- keep young people, especially girls and young women, in school;
- help young people start a productive working life;
- prepare young people for their responsibilities as citizens;
- foster healthy relationships between men and women; and
- encourage young people to delay childbearing and to also make decisions together about the timing and spacing of pregnancies and number of children they have (Guttmacher Institute, 2010 and UNESCO 2009).
Patrick Mwesigye and Yassine Fall on the last day of the YOWLI 2012
Young people, play your part.
Young people, this is our time to show our potential. We need to create and search for existing opportunities in our communities to show our leaders and other stakeholders that we have the capacity to innovate, that we are enthusiastic, filled with energy and creativity, and that we are ready to spark change in our communities and contribute to the social, economic, and political wellbeing of our communities (Global Youth Forum 2012, Bali Indonesia).
We need to make use of all opportunities around us to prove our point and make our voices heard like never before. There are many existing opportunities for dialogue and collaboration. For example, through the poverty eradication government programs in our countries (agricultural modernization, community driven development programs, Small Medium Enterprise programs, Saving and Credit Scheme, etc.), information and technology programs, the media (social, print, and electronic), universal primary and secondary education programs, civil society for advocacy and activism, and courts of law for challenging illegal acts and systems.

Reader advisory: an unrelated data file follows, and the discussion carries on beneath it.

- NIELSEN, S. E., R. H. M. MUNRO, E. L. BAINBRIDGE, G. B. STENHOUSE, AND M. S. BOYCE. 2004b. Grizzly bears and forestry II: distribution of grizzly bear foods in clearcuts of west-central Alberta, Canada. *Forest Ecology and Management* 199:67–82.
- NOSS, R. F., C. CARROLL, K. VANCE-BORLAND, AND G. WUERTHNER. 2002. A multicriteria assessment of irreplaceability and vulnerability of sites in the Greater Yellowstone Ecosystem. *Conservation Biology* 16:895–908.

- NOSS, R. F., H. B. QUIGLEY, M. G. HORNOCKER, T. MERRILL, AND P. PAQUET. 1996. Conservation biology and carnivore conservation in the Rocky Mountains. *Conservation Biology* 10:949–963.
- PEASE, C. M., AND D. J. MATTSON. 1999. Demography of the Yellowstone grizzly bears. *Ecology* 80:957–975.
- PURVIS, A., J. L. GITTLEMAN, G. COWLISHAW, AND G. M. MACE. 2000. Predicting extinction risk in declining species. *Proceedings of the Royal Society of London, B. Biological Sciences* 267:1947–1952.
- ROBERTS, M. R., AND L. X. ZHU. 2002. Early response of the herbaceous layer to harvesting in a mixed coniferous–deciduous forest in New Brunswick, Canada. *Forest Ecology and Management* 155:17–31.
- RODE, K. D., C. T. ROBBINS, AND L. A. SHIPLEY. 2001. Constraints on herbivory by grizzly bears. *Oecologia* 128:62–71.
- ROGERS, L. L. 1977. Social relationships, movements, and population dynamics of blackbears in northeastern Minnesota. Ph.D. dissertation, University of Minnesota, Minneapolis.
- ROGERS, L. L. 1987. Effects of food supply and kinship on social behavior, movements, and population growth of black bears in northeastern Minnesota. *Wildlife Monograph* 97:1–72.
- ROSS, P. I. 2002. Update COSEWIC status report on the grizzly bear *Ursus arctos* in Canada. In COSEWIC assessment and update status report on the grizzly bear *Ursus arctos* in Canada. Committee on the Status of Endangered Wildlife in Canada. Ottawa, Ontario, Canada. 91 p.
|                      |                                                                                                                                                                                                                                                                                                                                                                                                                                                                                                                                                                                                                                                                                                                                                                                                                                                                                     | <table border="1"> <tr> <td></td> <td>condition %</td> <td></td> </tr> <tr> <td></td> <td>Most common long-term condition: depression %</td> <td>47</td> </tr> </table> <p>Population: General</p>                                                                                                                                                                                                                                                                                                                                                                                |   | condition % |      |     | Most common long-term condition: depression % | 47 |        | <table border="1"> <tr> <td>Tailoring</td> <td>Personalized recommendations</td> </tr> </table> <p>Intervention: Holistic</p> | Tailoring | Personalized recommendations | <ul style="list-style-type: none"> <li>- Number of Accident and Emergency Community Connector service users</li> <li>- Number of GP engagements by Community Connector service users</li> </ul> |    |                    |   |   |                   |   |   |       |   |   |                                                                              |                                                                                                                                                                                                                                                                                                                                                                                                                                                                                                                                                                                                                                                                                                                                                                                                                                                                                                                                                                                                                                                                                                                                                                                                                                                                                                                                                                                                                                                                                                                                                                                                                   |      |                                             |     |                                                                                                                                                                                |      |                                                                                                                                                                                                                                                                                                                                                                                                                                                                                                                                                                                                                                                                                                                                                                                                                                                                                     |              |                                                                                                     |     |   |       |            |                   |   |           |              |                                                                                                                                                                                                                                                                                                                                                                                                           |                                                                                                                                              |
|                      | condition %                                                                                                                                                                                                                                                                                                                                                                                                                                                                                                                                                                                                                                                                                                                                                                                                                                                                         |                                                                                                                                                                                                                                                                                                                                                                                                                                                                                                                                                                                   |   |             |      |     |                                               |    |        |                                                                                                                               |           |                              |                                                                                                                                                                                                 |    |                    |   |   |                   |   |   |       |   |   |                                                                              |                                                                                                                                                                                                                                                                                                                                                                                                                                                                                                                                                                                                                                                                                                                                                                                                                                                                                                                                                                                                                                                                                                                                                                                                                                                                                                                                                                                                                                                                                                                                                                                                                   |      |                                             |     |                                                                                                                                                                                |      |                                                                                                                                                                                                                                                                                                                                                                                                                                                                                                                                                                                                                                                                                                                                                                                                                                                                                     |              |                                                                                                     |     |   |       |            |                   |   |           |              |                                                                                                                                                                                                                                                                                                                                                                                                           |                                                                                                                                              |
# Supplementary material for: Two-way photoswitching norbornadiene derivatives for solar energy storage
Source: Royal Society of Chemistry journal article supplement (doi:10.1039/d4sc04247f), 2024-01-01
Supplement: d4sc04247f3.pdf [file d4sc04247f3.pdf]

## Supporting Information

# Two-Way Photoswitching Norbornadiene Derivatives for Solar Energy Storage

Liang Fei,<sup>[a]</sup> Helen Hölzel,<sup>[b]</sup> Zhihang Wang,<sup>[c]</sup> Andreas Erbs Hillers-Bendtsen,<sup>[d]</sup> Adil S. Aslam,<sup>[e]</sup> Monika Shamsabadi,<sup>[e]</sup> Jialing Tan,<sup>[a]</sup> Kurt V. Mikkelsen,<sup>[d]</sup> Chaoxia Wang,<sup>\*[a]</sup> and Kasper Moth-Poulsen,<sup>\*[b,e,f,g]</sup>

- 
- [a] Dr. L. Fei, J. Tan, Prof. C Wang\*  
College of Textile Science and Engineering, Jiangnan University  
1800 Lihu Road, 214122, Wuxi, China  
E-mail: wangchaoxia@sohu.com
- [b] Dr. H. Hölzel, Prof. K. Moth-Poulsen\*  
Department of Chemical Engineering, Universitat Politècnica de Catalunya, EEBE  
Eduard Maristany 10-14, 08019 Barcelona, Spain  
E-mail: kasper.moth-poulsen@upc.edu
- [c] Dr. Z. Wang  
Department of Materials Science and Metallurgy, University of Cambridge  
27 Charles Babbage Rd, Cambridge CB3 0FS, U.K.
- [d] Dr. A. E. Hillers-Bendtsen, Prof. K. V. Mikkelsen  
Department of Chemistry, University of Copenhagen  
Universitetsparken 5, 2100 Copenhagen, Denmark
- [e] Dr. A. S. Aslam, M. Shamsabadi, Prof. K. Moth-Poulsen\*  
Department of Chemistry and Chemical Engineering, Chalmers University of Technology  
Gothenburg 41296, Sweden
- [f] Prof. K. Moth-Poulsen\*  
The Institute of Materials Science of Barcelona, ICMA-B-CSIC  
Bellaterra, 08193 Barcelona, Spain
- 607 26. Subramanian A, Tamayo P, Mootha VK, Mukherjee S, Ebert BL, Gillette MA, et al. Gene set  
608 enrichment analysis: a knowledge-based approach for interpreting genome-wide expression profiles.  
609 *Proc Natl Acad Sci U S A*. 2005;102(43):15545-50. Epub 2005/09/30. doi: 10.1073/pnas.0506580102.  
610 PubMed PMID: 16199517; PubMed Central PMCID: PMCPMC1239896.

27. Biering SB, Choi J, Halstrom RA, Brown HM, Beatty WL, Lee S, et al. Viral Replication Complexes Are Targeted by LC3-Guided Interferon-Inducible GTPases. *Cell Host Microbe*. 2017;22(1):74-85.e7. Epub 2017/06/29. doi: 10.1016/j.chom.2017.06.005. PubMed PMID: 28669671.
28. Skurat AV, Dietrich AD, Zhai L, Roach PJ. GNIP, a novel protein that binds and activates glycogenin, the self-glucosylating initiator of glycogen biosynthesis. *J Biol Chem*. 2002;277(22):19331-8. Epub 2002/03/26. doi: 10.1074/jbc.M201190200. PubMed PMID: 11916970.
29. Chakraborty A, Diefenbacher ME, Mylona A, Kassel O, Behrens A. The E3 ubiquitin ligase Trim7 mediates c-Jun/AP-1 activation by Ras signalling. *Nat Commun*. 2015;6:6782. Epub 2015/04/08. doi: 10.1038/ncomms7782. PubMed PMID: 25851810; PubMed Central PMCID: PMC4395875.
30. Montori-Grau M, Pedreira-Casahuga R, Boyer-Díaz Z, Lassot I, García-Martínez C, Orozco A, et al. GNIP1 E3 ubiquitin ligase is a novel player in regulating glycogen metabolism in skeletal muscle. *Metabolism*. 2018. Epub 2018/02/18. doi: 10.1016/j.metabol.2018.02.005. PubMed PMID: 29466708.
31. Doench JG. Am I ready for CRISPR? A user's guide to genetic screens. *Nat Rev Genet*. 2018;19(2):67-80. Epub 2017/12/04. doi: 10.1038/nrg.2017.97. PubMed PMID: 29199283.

Young people, there is a lot we can do as we continue to push our governments and other stakeholders to invest in policies and programs hat harness our potential.
Patrick Mwesigye is a YOWLI 2012 graduate from Kampala, Uganda, where he is a youth health activist. He is the founder of Uganda Youth and Adolescents Health Forum, a youth led CSO operating in Uganda whose mandate is to advocate for and promote meaningful and effective youth participation in health programming at the local, national, and international levels. He is also a youth councilor in the Kampala Capital City Authority Council.
Patrick is passionate about addressing the health agenda of young people, and works to challenge leaders and policy makers and help create solutions for how they can best engage young people in leadership and decision making at early stage. He also makes sure to challenge and encourage young people to wake up from their comfort zone, utilize the available opportunities around them to make their voices clearly heard.